College of Public Health students graduating

Violence compounds quality of life disparities for Appalachian women with cancer

Map of Appalachian counties, courtesy Appalachian Regional CommissionA new study from the University of Kentucky College of Public Health investigates the impact of violence in creating disparities in women’s cancer-related quality of life by Southern Appalachian residence. The open access article appears in Quality of Life Research.

Women recently diagnosed and included in either the Kentucky or North Carolina Cancer Registries were interviewed by telephone between 2009 and 2015. Investigators spoke with a total of 3,320 respondents with a mean age of 56.74. Response rates were similar by state (40.1 percent in Kentucky and 40.9 percent in North Carolina). The 990 Appalachian participants were hypothesized versus the 2,330 non-Appalachian residents were hypothesized to have poorer quality of life (QOL) defined as (1) lower Functional Assessment of Cancer Therapy-General (FACT-G) scores and (2) more symptoms of depression, stress, or comorbid physical conditions. Lifetime intimate partner or sexual violence was first investigated as a moderator then mediator of regional differences. Multiple analyses of covariance (MANCOVA) models were used.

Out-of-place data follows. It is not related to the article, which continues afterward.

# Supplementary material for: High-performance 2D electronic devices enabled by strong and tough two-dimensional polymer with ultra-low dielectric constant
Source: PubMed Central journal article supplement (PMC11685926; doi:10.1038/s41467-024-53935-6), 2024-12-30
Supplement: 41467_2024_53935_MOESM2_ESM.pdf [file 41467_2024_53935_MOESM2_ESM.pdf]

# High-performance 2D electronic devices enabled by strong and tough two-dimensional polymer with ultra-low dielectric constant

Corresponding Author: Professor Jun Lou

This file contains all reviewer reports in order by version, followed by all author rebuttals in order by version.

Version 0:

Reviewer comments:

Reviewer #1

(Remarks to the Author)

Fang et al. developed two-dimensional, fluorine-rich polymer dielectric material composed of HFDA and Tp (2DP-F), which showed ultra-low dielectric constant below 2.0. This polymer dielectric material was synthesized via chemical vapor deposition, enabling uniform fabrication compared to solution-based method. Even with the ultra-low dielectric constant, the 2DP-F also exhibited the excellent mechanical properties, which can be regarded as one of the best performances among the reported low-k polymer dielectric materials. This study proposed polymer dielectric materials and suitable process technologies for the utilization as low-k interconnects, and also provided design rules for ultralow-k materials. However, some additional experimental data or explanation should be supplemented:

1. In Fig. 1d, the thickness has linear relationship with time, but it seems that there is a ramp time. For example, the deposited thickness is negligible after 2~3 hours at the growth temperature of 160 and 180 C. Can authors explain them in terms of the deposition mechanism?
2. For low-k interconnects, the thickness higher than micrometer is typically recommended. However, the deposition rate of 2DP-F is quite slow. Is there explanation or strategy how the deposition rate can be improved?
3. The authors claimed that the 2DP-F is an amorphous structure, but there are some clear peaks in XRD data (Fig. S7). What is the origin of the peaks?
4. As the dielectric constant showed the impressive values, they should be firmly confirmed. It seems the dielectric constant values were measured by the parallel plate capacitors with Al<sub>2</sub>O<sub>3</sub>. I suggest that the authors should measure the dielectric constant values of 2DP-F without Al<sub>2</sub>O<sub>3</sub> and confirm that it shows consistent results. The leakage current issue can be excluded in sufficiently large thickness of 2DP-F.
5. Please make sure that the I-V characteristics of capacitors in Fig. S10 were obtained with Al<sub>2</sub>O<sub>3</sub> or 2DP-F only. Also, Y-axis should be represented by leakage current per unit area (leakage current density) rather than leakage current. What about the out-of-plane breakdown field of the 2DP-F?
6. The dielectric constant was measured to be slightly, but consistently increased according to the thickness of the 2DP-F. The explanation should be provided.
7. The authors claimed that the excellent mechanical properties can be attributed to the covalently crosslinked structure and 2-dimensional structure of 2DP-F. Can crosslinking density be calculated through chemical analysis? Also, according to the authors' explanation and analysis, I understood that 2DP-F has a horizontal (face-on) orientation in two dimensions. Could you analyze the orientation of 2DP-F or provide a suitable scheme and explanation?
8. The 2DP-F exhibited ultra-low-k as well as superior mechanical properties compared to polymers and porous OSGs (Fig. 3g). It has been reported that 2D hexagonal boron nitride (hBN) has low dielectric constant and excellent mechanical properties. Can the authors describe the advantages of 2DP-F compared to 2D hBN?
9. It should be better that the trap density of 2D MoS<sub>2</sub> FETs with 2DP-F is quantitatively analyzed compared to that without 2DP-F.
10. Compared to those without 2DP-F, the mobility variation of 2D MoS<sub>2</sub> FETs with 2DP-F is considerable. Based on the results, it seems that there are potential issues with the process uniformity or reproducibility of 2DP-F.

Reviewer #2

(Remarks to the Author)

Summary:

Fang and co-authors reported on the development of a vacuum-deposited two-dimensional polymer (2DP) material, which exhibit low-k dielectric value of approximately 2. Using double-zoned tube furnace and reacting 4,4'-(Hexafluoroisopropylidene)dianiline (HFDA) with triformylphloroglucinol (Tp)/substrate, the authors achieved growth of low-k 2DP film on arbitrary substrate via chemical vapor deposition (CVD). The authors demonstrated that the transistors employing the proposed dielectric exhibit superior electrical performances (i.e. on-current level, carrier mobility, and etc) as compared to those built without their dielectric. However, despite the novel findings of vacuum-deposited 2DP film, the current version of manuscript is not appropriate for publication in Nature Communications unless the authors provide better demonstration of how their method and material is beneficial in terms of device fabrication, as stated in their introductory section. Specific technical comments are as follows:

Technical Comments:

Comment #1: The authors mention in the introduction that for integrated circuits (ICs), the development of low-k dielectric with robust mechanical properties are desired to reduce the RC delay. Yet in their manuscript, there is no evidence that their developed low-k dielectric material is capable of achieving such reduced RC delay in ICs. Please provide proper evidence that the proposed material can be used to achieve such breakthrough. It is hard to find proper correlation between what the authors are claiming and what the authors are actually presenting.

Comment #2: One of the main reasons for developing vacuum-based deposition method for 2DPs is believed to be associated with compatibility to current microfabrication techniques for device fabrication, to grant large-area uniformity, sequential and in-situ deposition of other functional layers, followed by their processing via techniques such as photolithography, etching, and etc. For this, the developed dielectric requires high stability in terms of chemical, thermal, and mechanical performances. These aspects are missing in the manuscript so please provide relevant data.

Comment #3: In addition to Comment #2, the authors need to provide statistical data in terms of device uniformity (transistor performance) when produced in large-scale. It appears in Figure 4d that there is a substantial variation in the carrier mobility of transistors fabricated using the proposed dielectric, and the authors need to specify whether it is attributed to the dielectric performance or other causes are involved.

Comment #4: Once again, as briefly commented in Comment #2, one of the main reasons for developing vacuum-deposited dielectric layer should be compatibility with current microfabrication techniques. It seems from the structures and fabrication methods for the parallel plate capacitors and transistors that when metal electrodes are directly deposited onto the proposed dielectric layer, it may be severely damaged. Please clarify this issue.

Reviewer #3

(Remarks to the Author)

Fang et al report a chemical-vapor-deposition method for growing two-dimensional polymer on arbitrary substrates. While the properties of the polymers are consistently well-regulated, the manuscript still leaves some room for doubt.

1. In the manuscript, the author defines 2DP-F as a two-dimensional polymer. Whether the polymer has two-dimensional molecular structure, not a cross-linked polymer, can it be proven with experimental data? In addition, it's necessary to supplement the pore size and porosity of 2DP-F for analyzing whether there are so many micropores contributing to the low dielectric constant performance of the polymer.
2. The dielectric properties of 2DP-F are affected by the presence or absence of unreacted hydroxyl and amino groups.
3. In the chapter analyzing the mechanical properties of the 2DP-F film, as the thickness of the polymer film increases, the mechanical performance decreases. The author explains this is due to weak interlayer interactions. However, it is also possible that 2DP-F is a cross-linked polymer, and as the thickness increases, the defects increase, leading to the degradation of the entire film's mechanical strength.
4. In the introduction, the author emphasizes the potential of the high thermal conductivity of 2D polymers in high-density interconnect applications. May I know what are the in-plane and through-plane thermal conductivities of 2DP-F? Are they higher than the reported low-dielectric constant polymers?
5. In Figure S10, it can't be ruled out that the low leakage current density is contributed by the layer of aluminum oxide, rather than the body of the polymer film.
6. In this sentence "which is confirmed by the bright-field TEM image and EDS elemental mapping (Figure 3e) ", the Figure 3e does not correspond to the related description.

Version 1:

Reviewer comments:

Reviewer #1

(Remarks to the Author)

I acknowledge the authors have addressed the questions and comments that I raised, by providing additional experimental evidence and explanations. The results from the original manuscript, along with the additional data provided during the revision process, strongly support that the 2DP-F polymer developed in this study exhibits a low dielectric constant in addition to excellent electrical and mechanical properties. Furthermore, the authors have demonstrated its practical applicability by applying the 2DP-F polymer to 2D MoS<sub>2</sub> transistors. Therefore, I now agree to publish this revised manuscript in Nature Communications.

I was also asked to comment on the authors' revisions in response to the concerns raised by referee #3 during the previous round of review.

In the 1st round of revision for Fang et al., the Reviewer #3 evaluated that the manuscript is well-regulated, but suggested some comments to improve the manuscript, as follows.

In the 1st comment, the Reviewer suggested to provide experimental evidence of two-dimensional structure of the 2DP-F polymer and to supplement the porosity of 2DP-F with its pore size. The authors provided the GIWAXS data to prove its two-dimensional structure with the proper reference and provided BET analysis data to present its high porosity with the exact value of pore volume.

Violence modified the effect of Appalachian residence on poorer QOL outcomes; FACT-G total scores (p = .02) were lowest for women living in Appalachia who had additionally experienced violence. Socioeconomic indicators appeared to mediate or explain differences in QOL outcomes by Appalachian residence such that when adjusting for income, education and insurance, Appalachian residence remained associated only with poorer physical QOL outcomes (p < .05).

While violence rates did not differ by residence, the combined effect of living in Appalachia and experiencing violence resulted in significantly greater impact on poorer QOL among women recently diagnosed with cancer. The investigators conclude that clinical consideration of patients' residence, socioeconomic statu,s and violence experienced may help identify and mitigate the longer-term impact of these identifiable factors associated with poorer QOL.

 


 

Dr. Ann Coker is the Verizon Wireless Endowed Chair in the Center for Research on Violence Against Women at the University of Kentucky in Lexington and professor of Epidemiology in the UK College of Public Health.

Dr. Heather Bush is an associate professor of Biostatistics, UK College of Public Health, and Kate Spade & Company Foundation Endowed Professor in the Center for Research on Violence Against Women.

Huong T. Luu is a PhD student in Epidemiology/Biostatistics at the UK College of Public Health. Her advisor is Dr. Svetla Slavova.